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Black Pulp Paperback – April 17, 2013
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This month's Book With Buzz: "The Silent Corner" by Dean Koontz
A dazzling new series, a pure adrenaline rush, debuts with Jane Hawk, a remarkable heroine certain to become an icon of suspense. See more
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Top Customer Reviews
The volume begins with a well-done East Texas noir called "Six Finger Jack." It is the graphic, first person account of a 60's bounty hunter and the murder-for-hire contract that takes a twisted turn or two.
"Decimator Smith and the Fangs of the Fire Serpent" chronicles a 1930's L.A. boxer who moonlights as a private eye (in order to solve his sister’s murder).
Also set in the '30s, "Mtimu" explores what a black Tarzan and Jane might be like. Pilot Enid Brown, called “the Black Amelia Earhart,” crashes while attempting the first non-stop flight across Africa. She is saved by the strapping Mtimu, but the pair soon find themselves the prey of the great white hunter Clive Bailey.
Derrick Ferguson's "Dillon and the Alchemist's Morning Coffee" feels like a cross between "The Expendables" and a 1940's comic strip adventure. The title character "Dillon" is a covert op who teams-up with the beautiful Captain Edna Hartless on a mission to save a secret invention and "The Sun Palace" of a young African prince.
In D. Alan Lewis’s "Black Wolfe's Debt," a super hero-turned detective is hired by an aging former super heroine to solve what seems like an open-and-shut case. Of course, it isn't.
Christopher Chambers's hero "Rocket Crockett" is a Top Gun-type Korean War pilot who (when not dogfighting enemy MiGs) fights to save the coveted "jade dragon."
"Drums of the Ogbanje" features a former 19th century slave named Ngola who battles a ruthless Portuguese slave trader--both of whom are on a quest for treasure in a lost African city that is guarded by supernatural monsters.
Kimberley Richardson's "Agnes Viridian" is a refreshing female occultist-private eye in 1920's Memphis, TN who uses her superpowers to help an Egyptian deity recover a stolen heirloom.
"Jaguar and the Jungleland Boogie" highlights hip-hop crime-fighters "Jaguar" (a Gulf War vet-turned club owner) and Shep as they scour 1980's Harlem for a missing singer, but encounter the sinister plot of a supersonic trumpet-toting villain called "Jazzmatazz." While certainly vividly-told, it seems to be a token to those seeking a more modern tale mixed in with the predominantly older ones.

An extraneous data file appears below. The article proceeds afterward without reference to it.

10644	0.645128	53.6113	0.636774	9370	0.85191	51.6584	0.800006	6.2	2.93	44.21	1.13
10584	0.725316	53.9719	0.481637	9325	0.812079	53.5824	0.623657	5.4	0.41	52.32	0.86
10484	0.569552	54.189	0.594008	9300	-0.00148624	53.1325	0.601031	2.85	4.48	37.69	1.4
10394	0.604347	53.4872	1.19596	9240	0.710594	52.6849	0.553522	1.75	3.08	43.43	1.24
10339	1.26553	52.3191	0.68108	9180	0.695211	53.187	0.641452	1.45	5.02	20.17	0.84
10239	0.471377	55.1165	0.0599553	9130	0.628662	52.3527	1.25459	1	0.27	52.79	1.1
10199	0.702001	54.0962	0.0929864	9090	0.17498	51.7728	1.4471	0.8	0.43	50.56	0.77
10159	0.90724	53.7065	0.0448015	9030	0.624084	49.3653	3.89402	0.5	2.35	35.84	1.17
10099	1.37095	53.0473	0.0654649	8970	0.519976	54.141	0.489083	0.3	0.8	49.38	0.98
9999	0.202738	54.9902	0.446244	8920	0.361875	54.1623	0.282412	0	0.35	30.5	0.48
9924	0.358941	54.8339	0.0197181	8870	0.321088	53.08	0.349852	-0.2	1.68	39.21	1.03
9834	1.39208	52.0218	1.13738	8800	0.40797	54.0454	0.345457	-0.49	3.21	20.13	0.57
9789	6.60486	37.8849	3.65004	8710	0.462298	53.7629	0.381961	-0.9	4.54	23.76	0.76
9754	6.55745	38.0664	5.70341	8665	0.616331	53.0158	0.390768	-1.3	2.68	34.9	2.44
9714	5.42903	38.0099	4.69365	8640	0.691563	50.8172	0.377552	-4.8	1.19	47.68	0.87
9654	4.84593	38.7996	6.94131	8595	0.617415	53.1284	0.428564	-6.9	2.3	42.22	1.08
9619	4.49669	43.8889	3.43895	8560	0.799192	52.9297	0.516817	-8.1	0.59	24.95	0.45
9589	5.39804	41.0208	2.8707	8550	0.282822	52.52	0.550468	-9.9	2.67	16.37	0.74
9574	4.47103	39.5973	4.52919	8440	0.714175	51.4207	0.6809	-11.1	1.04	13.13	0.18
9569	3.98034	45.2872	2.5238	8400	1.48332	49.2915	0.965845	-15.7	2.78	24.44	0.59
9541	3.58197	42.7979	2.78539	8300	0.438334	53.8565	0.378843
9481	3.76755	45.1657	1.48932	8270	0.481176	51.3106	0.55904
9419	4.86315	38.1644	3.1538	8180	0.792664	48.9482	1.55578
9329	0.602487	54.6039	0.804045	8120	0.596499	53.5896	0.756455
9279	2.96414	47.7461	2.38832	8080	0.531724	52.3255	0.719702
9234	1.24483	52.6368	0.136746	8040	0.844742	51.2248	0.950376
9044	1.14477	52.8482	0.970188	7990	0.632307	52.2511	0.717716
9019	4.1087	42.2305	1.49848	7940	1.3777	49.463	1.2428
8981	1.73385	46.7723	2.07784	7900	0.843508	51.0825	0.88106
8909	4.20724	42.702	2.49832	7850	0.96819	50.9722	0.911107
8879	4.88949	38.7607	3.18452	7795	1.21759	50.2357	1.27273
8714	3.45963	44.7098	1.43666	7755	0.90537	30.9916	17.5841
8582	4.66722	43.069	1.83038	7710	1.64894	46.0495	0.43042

And rounding things out, Shamus Award-winner Gar Anthony Haywood offers a surprisingly pedestrian poker heist tale that is made somewhat colorful by characters with names like Jimmy, Eddie, Izzy, and Frank. And Tommy Hancock's take on John Henry has the 19th century folk hero in an epic afterlife battle with Talori warriors that has a John Carter flavor.
But out of all the stories, "The Lawman" is perhaps the most fascinating and potentially cinematic. The "Western" (though mostly centered around the Arkansas-Texas border region) details the 19th century exploits of the first African American U.S. deputy marshal, Bass Reeves. But unlike typical Wild West heroes, Reeves often uses his wits first and weapons last to rid the frontier of a variety of varmints. Interestingly enough, author Ron Fortier reveals that Reeves was a real person and that the story dramatizes portions of his life.
Overall, BLACK PULP is a very entertaining and enlightening literary experiment that successfully injects the African American perspective into classic-styled pulp fiction. But, the writers still keep the characters engaging and their adventures fresh and exciting, so as to appeal to a wide audience that is in search of creative writing from a different perspective.
If you went into this expecting a dozen Shaft knock-offs expect to be disappointed, as this book is populated by pirates, cowboys, occult detectives, a hip hip dynamic duo, space adventurers, aviators, soldiers of fortune, jungle lords and criminal masterminds.
This anthology is not just equal opportunity pulp but rather it is a collection of great pulp stories that have black characters. From the introduction by Walter Mosley to the last story The Hammer of Norgil each piece is really good. I found that Ron Fortier's The Lawman was especially moving considering that the main character Bass Reeves was a real Texas lawman who has been unsung by history just for the colour of his skin.
The characters in this anthology deserve to be just as much a part of the public consciousness as Indiana Jones, Luke Skywalker, Wyatt Earp and Tarzan.
This a collection of great new characters I'd love to see more of and great pulp stories that I will no doubt reread again.